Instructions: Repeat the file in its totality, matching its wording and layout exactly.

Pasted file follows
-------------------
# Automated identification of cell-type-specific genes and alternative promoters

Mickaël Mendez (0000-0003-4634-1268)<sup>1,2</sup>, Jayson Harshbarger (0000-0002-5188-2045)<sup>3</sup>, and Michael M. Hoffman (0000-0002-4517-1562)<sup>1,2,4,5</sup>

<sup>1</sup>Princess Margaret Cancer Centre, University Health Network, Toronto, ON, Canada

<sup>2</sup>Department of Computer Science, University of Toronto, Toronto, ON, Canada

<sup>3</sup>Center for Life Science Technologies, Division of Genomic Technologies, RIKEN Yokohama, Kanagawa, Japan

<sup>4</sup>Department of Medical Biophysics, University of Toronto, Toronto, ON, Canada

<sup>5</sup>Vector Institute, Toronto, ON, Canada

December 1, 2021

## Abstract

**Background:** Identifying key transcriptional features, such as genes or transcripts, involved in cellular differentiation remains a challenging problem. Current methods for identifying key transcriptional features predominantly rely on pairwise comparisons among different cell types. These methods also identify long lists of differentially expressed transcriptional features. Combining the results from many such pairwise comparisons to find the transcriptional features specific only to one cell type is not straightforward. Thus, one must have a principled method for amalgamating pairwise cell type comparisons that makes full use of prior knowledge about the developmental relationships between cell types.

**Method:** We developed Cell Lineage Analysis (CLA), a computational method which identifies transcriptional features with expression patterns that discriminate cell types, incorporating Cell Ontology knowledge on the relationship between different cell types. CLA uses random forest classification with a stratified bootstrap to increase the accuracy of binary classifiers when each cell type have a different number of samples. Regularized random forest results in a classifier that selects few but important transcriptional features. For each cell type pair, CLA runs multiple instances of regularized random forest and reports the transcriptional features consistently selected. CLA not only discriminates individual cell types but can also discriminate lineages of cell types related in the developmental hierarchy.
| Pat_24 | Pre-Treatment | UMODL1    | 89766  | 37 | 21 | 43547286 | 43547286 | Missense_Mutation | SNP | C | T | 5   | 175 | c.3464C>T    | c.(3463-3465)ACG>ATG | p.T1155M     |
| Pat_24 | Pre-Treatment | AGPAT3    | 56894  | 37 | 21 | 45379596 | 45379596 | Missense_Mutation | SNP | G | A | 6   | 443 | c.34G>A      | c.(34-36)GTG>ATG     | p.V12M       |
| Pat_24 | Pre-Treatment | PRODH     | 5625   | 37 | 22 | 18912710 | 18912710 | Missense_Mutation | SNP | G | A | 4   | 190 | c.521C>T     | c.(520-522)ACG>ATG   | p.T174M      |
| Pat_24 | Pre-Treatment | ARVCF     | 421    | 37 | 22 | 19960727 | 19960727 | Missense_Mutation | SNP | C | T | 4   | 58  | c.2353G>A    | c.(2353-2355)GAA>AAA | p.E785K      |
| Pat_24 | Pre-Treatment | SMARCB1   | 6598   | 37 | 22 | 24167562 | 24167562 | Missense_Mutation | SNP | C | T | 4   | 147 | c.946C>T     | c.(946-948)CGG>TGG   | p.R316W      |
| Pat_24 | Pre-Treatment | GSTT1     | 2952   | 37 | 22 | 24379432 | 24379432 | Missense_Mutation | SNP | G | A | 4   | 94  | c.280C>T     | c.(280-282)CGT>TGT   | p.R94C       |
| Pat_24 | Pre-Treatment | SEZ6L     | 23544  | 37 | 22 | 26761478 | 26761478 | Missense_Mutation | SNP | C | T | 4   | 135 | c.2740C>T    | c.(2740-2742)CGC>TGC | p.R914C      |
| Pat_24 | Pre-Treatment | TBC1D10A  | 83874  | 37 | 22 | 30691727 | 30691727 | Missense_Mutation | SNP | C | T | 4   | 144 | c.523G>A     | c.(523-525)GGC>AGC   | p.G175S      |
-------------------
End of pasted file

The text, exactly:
# Automated identification of cell-type-specific genes and alternative promoters

Mickaël Mendez (0000-0003-4634-1268)<sup>1,2</sup>, Jayson Harshbarger (0000-0002-5188-2045)<sup>3</sup>, and Michael M. Hoffman (0000-0002-4517-1562)<sup>1,2,4,5</sup>

<sup>1</sup>Princess Margaret Cancer Centre, University Health Network, Toronto, ON, Canada

<sup>2</sup>Department of Computer Science, University of Toronto, Toronto, ON, Canada

<sup>3</sup>Center for Life Science Technologies, Division of Genomic Technologies, RIKEN Yokohama, Kanagawa, Japan

<sup>4</sup>Department of Medical Biophysics, University of Toronto, Toronto, ON, Canada

<sup>5</sup>Vector Institute, Toronto, ON, Canada

December 1, 2021

## Abstract

**Background:** Identifying key transcriptional features, such as genes or transcripts, involved in cellular differentiation remains a challenging problem. Current methods for identifying key transcriptional features predominantly rely on pairwise comparisons among different cell types. These methods also identify long lists of differentially expressed transcriptional features. Combining the results from many such pairwise comparisons to find the transcriptional features specific only to one cell type is not straightforward. Thus, one must have a principled method for amalgamating pairwise cell type comparisons that makes full use of prior knowledge about the developmental relationships between cell types.

**Method:** We developed Cell Lineage Analysis (CLA), a computational method which identifies transcriptional features with expression patterns that discriminate cell types, incorporating Cell Ontology knowledge on the relationship between different cell types. CLA uses random forest classification with a stratified bootstrap to increase the accuracy of binary classifiers when each cell type have a different number of samples. Regularized random forest results in a classifier that selects few but important transcriptional features. For each cell type pair, CLA runs multiple instances of regularized random forest and reports the transcriptional features consistently selected. CLA not only discriminates individual cell types but can also discriminate lineages of cell types related in the developmental hierarchy.
| Pat_24 | Pre-Treatment | UMODL1    | 89766  | 37 | 21 | 43547286 | 43547286 | Missense_Mutation | SNP | C | T | 5   | 175 | c.3464C>T    | c.(3463-3465)ACG>ATG | p.T1155M     |
| Pat_24 | Pre-Treatment | AGPAT3    | 56894  | 37 | 21 | 45379596 | 45379596 | Missense_Mutation | SNP | G | A | 6   | 443 | c.34G>A      | c.(34-36)GTG>ATG     | p.V12M       |
| Pat_24 | Pre-Treatment | PRODH     | 5625   | 37 | 22 | 18912710 | 18912710 | Missense_Mutation | SNP | G | A | 4   | 190 | c.521C>T     | c.(520-522)ACG>ATG   | p.T174M      |
| Pat_24 | Pre-Treatment | ARVCF     | 421    | 37 | 22 | 19960727 | 19960727 | Missense_Mutation | SNP | C | T | 4   | 58  | c.2353G>A    | c.(2353-2355)GAA>AAA | p.E785K      |
| Pat_24 | Pre-Treatment | SMARCB1   | 6598   | 37 | 22 | 24167562 | 24167562 | Missense_Mutation | SNP | C | T | 4   | 147 | c.946C>T     | c.(946-948)CGG>TGG   | p.R316W      |
| Pat_24 | Pre-Treatment | GSTT1     | 2952   | 37 | 22 | 24379432 | 24379432 | Missense_Mutation | SNP | G | A | 4   | 94  | c.280C>T     | c.(280-282)CGT>TGT   | p.R94C       |
| Pat_24 | Pre-Treatment | SEZ6L     | 23544  | 37 | 22 | 26761478 | 26761478 | Missense_Mutation | SNP | C | T | 4   | 135 | c.2740C>T    | c.(2740-2742)CGC>TGC | p.R914C      |
| Pat_24 | Pre-Treatment | TBC1D10A  | 83874  | 37 | 22 | 30691727 | 30691727 | Missense_Mutation | SNP | C | T | 4   | 144 | c.523G>A     | c.(523-525)GGC>AGC   | p.G175S      |